MRI used not to be a part of a myeloma staging workup. For bone disease, a bone survey was usually recommended. More recently guidelines have taken a more positive view of MRI. CT or magnetic resonance imaging (MRI) is indicated to delineate the nature and extent of soft tissue disease and these two imaging techniques can give complementary information. MRI is the technique of choice for investigation of patients with a neurological presentation suggestive of cord compression. MRI of the whole spine should be performed in patients with an apparently solitary plasmacytoma of bone irrespective of site of the index lesion. CT or MRI should be employed for evaluation of symptomatic areas where plain radiographs are negative. The most recent consensus was published in 2011 in Blood. It recommends: “An MRI of the spine and pelvis is mandatory in all patients with a presumed diagnosis of solitary plasmacytoma. An MRI should also be considered in patients with smoldering (asymptomatic) myeloma because it can detect occult lesions and, if positive, can predict for more rapid progression to symptomatic myeloma. MRI can be considered in patients with symptomatic myeloma as routine evaluation because (1) unsuspected focal lesion and soft tissue plasmacytomas involving the spine and pelvis can be visualized; and (2) patterns of MRI abnormality (ie, diffuse pattern or a high number of focal lesions) may have prognostic significance. However, MRI is mandatory in symptomatic patients for a detailed evaluation of a painful area of the skeleton to look for a soft tissue mass arising from a bone lesion or for the investigation of patients with a suspicion of cord compression, providing an accurate assessment of the level and extent of cord or nerve root compression, size of the tumor mass, and degree to which it may affect the epidural space. An MRI of the spine is valuable in defining the etiology of new, painful collapsed vertebra (ie, because of osteoporosis or myelomatous involvement). Osteoporosis with compression fracture requires thorough evaluation with an MRI. If a focal myelomatous lesion is detected, then the patient has symptomatic.”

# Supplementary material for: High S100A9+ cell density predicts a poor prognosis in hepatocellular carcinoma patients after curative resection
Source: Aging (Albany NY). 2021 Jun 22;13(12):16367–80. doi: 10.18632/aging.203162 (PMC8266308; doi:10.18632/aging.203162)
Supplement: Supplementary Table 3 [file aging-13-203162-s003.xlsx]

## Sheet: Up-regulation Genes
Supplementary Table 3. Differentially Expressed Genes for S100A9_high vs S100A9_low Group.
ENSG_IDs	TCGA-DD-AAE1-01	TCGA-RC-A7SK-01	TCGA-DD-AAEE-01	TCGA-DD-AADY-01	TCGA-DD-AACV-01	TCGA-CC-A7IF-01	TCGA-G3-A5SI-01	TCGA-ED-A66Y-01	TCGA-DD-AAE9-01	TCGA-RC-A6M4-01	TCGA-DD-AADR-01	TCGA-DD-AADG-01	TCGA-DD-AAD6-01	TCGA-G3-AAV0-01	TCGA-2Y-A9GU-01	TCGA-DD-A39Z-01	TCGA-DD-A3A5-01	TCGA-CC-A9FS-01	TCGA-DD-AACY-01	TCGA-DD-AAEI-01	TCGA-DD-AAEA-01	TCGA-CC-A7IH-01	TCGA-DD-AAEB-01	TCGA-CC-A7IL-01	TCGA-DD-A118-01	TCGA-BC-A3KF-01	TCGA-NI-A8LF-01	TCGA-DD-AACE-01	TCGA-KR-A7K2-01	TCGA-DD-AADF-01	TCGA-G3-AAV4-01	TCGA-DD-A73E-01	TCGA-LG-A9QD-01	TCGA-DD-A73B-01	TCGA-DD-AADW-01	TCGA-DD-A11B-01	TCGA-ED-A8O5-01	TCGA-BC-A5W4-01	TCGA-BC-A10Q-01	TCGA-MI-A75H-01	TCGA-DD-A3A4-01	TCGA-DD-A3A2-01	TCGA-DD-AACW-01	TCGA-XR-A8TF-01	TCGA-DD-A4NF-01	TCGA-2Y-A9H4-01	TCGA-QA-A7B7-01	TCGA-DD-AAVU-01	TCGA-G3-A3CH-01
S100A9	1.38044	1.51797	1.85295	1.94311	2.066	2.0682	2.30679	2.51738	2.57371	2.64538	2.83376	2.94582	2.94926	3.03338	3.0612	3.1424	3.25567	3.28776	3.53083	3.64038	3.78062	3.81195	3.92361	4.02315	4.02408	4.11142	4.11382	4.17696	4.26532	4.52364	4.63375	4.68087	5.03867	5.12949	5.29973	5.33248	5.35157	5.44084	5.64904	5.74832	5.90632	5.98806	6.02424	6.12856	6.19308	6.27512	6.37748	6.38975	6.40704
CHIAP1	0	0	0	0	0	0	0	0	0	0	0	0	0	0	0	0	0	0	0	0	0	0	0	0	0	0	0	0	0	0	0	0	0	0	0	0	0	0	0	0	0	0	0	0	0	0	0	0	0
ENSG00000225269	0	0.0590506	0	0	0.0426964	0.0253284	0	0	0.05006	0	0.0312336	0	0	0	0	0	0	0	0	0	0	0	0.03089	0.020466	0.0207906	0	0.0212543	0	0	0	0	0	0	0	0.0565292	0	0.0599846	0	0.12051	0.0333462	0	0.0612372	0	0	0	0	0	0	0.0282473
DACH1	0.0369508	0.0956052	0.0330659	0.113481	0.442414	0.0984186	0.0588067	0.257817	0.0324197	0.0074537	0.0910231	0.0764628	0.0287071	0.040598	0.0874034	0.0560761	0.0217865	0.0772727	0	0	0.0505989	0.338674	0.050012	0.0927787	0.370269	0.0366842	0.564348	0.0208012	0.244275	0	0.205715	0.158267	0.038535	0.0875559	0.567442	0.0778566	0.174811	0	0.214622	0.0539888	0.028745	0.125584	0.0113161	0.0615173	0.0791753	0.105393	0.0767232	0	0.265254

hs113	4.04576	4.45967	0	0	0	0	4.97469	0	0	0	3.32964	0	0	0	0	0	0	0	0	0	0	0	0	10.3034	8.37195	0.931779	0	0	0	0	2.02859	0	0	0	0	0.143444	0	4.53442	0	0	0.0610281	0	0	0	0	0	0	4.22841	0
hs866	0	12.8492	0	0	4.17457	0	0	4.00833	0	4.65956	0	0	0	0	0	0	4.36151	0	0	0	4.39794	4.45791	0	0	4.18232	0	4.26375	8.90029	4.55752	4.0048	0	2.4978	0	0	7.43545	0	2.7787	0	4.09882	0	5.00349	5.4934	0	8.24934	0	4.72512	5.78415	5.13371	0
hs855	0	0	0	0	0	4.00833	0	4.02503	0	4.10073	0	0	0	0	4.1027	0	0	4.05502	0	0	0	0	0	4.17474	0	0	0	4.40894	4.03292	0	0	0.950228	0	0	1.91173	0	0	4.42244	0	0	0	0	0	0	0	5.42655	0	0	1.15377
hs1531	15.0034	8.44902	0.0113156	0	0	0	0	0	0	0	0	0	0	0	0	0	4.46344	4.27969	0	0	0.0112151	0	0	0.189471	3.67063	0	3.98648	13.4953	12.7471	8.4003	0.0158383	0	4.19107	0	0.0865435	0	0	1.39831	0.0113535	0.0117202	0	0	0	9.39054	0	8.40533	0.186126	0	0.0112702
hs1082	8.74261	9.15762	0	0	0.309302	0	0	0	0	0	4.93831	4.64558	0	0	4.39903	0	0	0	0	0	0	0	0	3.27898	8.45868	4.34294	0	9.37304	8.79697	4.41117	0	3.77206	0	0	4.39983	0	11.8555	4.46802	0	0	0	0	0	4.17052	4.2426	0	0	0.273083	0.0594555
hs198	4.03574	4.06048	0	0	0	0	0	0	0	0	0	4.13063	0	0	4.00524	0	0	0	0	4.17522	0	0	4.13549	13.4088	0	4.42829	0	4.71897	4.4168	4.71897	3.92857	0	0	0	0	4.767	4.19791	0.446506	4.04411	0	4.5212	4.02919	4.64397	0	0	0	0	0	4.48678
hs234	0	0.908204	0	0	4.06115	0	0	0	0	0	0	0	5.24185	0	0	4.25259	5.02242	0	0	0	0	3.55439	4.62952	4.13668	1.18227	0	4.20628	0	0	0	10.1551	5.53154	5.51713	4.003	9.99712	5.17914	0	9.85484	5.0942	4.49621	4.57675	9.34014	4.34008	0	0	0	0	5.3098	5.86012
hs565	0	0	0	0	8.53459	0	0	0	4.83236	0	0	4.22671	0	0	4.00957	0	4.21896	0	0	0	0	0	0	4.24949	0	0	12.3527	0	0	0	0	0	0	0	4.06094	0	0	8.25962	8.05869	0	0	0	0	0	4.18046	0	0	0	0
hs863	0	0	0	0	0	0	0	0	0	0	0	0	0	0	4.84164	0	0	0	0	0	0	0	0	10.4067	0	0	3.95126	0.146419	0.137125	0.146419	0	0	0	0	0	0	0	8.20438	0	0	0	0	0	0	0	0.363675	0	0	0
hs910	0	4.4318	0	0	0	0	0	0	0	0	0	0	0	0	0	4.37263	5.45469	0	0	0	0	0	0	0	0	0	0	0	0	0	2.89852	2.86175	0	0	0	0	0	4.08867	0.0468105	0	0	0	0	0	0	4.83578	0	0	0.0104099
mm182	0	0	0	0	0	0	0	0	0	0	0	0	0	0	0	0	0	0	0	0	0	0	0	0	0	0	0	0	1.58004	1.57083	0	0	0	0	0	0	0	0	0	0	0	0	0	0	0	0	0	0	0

NCCN says “consider MRI *Category 2a”. On p. Myel-1, it says that, “MRI is useful in some circumstances.” More recently, several studies suggest that blood tests are sufficient to follow patients after transplant(Zamarin etal) and .
Meletios Dimopoulos Consensus recommendations for standard investigative workup: report of the International Myeloma Workshop Consensus Panel 3 Blood May 5, 2011 vol. 117 no. 18 4701-4705
HR, Reiser M.Role of MRI for the diagnosis and prognosis” of multiple myeloma. Baur-Melnyk A, Buhmann S, Dürr Eur J Radiol. 2005 Jul;55(1):56-63.
Smith A, Wisloff F, Samson D, UK Myeloma Forum, Nordic Myeloma Study Group, British Committee for Standards in Haematology. Guidelines on the diagnosis and management of multiple myeloma 2005. Br J Haematol 2006 Feb;132(4):410-51. [292 references]
Baur-Melnyk, Andrea, Buhmann, Sonja, Becker, Christoph, Schoenberg, Stefan Oswald, Lang, Nicola, Bartl, Reiner, Reiser, Maximilian Ferdinand Whole-Body MRI Versus Whole-Body MDCT for Staging of Multiple Myeloma Am. J. Roentgenol. 2008 190: 1097-1104
Dimopoulos MA et al.International myeloma working group consensus statement and guidelines regarding the current role of imaging techniques in the diagnosis and monitoring of multiple myeloma, Leukemia (2009), 1-12.
D Zamarin, S Giralt, H Landau, N Lendvai, A Lesokhin, D Chung, G Koehne, D Chimento, S M Devlin, E Riedel, M Bhutani, D Babu and H Hassoun, Patterns of relapse and progression in multiple myeloma patients after auto-SCT: implications for patients’ monitoring after transplantation, Bone Marrow Transplantation , (13 August 2012)
P. Spinnato et al, Contrast enhanced MRI and 18F-FDG PET-CT in the assessment of multiple myeloma: A comparison of results in different phases of the disease European Journal of Radiology Volume 81, Issue 12 , Pages 4013-4018, December 2012